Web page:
"The first point is stability": U Nyi Pu, NLD chair in Rakhine State
By Nyan Lynn Aung
February 9, 2016
The Myanmar Times’ Nyan Lynn Aung interviews U Nyi Pu, National League for Democracy’s chair for Rakhine State and a Pyithu Hluttaw representative from Gwa township constituency 2, also rumoured to be in line for the state chief minister’s post.
The National League for Democracy did not win a large number of votes in Rakhine State and most seats went to the third-largest party in the country, the Arakan National Party (ANP). How do you think the two parties will be able to negotiate?
|NLD MP U Nyi Pu speaks to The Myanmar Times on February 7. Photo: Aung Myin Yee Zaw / The Myanmar Times|
Since the beginning, before and after the election, we have said that we would cooperate and negotiate with ethnic parties. But some people wrongly interpreted what we said and accused the NLD of not offering negotiations and deceiving people. In fact, the NLD always opens the door [to negotiations]. They [other parties] have to show their willingness to engage [and tell us] which type of negotiation they want or what kind of topic they want to discuss.
Do you think the appointment of the state chief minister will be a problem in Rakhine State?
In my opinion, there is no significant problem. There are laws and by-laws for this. When the NLD heads the central government, the state government structure and minister appointment process will go as usual.
Former chief minister U Maung Maung Ohn had the backing of the military while dealing with problems, and was even able to travel by helicopter in the state. Who do you think will be more effective dealing with problems – a military-backed minister or a civilian-backed minister?
I believe that the people prefer the civilian government they elected over a government backed by the military.
What are the main challenges in Rakhine State for human rights and nationalism? How should these issues be balanced?
From my point of view, the first point is stability. The second point is the leadership of the government and the development of the region. For stability, there are many questions. Instability occurred in the state previously for various reasons. Who did it and why did they do it? Did they do it for political reasons, or for their own interest? Is it real nationalism? It is too early to answer these questions at the moment.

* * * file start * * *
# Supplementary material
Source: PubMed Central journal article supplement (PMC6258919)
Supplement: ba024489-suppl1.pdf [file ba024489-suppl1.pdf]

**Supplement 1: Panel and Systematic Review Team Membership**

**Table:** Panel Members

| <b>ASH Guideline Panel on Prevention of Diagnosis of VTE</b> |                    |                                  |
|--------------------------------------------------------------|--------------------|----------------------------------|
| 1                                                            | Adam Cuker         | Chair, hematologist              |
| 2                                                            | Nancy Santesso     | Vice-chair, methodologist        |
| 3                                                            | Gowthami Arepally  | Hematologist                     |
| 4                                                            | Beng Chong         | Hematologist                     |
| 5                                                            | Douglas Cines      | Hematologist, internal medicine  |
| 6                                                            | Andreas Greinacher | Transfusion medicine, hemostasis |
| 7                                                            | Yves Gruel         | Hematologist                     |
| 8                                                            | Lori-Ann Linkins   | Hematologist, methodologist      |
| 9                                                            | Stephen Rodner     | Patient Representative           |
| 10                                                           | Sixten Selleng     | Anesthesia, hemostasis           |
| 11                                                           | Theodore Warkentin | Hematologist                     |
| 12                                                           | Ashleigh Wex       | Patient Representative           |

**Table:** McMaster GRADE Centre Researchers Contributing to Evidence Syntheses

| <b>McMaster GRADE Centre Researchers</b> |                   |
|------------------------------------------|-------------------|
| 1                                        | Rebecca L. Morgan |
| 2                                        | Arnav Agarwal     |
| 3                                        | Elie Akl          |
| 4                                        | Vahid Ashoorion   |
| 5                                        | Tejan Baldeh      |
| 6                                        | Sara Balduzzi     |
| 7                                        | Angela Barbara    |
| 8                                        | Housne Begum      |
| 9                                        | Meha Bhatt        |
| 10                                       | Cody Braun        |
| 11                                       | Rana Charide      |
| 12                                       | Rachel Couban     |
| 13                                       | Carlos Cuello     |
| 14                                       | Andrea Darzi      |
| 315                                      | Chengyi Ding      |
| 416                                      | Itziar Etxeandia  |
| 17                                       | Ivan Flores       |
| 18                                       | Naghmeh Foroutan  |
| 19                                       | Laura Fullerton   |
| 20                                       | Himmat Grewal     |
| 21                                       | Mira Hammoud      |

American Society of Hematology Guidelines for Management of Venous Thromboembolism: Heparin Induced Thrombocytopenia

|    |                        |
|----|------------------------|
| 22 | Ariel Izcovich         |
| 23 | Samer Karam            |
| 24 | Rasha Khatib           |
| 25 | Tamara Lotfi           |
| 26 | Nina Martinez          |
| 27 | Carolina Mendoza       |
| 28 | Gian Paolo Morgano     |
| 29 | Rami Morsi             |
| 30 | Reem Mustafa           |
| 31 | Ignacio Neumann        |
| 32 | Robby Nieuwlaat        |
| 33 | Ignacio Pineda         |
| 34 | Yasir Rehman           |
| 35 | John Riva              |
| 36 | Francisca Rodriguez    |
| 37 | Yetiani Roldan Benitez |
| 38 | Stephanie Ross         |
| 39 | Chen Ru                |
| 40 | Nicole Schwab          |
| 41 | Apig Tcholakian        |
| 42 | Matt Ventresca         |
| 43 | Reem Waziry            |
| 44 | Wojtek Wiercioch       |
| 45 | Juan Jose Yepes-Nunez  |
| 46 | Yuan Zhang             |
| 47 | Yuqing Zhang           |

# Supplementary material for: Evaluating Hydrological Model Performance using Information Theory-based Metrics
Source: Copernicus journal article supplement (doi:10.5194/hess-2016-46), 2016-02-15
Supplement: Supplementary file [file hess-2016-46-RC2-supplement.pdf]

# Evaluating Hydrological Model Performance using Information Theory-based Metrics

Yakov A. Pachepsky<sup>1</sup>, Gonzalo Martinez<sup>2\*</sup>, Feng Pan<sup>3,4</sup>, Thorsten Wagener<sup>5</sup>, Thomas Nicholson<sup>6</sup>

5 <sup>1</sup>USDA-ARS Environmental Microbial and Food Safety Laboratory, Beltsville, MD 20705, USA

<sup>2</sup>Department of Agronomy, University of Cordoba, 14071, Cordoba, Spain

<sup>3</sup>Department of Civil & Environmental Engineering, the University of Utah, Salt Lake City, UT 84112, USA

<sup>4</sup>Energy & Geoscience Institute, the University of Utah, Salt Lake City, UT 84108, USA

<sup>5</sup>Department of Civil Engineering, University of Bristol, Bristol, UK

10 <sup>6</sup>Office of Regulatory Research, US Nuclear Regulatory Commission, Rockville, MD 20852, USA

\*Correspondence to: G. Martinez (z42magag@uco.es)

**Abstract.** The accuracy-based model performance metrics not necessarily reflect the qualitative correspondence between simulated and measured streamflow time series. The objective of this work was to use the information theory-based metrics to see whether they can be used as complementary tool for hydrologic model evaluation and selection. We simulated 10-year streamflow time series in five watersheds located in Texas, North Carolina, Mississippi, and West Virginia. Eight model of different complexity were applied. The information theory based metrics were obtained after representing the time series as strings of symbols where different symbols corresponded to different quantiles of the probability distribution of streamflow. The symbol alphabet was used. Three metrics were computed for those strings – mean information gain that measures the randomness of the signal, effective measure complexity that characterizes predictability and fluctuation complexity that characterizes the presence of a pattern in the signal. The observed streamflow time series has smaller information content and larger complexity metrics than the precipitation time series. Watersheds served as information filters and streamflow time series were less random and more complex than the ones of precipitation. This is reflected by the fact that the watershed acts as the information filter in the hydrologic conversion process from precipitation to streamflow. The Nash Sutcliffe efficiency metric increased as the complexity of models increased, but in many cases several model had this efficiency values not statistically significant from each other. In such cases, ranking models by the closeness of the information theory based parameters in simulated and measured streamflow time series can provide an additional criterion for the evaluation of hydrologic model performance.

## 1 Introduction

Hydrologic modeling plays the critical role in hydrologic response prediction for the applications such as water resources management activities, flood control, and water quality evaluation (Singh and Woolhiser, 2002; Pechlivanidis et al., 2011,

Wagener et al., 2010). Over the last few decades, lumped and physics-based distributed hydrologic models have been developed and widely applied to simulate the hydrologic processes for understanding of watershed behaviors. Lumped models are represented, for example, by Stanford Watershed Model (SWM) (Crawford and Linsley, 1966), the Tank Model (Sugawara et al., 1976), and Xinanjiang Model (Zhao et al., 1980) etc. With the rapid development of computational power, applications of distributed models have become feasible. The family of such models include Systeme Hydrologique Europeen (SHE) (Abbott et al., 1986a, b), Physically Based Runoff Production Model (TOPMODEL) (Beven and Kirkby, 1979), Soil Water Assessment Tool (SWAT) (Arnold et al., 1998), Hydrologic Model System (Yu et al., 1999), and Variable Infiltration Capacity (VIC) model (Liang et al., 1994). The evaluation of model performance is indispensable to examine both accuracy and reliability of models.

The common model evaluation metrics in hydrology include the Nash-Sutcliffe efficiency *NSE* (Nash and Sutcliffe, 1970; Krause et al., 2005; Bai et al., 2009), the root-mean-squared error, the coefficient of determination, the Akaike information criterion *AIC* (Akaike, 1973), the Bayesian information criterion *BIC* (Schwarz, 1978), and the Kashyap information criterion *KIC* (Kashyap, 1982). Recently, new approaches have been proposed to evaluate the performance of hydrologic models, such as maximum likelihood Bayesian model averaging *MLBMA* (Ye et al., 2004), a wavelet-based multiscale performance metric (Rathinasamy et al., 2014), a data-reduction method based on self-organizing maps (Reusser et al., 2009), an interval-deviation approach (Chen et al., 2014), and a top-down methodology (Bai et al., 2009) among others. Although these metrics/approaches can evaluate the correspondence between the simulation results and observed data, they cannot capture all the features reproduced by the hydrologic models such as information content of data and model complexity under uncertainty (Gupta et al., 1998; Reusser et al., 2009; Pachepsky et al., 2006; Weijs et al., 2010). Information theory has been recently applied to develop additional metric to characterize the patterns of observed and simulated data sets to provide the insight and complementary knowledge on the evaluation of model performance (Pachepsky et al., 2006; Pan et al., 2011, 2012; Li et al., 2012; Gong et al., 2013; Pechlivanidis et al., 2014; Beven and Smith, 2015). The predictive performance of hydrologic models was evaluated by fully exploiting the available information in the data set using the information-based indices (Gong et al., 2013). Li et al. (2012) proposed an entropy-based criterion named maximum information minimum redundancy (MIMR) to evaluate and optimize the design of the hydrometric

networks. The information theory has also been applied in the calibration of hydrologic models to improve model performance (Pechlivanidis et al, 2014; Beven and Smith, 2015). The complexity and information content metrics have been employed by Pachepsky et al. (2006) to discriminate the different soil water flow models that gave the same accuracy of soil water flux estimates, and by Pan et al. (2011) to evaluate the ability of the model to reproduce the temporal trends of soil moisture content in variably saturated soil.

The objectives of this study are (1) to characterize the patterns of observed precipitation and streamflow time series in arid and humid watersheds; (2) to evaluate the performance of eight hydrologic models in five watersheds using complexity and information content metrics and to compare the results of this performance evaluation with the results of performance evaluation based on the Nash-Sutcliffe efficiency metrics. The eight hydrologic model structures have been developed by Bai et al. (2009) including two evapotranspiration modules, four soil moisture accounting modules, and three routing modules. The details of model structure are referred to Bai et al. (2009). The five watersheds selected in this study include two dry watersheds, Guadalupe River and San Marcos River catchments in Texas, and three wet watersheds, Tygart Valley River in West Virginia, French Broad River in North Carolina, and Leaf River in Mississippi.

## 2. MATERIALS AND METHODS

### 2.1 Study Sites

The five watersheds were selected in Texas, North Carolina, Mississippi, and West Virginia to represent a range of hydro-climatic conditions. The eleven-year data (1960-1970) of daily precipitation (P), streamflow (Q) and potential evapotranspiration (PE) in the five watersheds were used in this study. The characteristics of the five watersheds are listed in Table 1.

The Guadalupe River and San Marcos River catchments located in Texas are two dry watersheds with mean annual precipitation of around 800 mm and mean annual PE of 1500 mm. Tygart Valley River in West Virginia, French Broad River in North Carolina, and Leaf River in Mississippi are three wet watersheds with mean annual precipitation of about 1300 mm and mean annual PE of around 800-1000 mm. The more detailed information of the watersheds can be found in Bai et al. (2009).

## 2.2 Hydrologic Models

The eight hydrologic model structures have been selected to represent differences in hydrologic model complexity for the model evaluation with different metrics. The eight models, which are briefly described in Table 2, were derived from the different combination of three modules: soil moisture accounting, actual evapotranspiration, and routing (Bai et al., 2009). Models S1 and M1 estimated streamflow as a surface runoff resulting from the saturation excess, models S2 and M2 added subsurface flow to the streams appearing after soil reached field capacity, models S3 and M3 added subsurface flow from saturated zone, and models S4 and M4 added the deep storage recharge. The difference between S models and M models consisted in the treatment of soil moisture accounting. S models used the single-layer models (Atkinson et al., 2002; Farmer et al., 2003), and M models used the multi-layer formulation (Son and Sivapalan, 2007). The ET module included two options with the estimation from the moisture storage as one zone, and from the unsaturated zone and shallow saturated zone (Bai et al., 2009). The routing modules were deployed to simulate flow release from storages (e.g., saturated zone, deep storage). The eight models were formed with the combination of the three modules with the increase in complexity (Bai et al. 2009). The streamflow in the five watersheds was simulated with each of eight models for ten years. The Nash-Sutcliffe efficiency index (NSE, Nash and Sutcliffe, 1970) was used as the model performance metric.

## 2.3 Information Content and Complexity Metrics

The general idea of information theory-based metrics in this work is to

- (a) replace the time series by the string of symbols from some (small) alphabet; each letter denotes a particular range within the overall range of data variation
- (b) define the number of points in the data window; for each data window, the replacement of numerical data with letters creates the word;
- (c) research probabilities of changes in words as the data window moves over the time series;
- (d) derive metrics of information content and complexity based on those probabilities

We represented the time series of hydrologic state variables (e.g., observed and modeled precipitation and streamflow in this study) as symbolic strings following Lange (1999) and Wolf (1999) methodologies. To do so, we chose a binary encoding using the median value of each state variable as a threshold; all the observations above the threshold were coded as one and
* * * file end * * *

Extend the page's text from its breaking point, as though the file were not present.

But if an inclusive government, elected by our people, leads the government, the situation will change. There will be no repetition. People don’t want to see loss and suffering. I think they are now working for development. So, creating stability is a possibility now, more than before.
Another important issue in Rakhine State is security, because the west coastal line is long and security is still weak. What is your plan for this when you are in the parliament?
There are a host of important issues in the region. Rakhine State is pretty unusual compared to other areas. Besides, the state’s economic development is extremely low. There are many things we have to work on to improve the situation.
We have to set the first priority and then a second in order to settle these problems. Some cases we will have to settle carefully, others more evidently. We will have to do it so that we can see change as quickly as possible. Other things, we will have to think twice to change them.
Security, regional development and the economic sector will be the main sectors to work on.
Do you have any further comments?
As everybody knows, significant changes can be seen in our country. There will be opportunities for us due to the changes we have seen. We all need to appreciate the situation and see the positive consequences of these changes. If not, anything we strived for will be ruined and the precious changes will not have any value.
Translation by Zar Zar Soe and Thiri Min Htun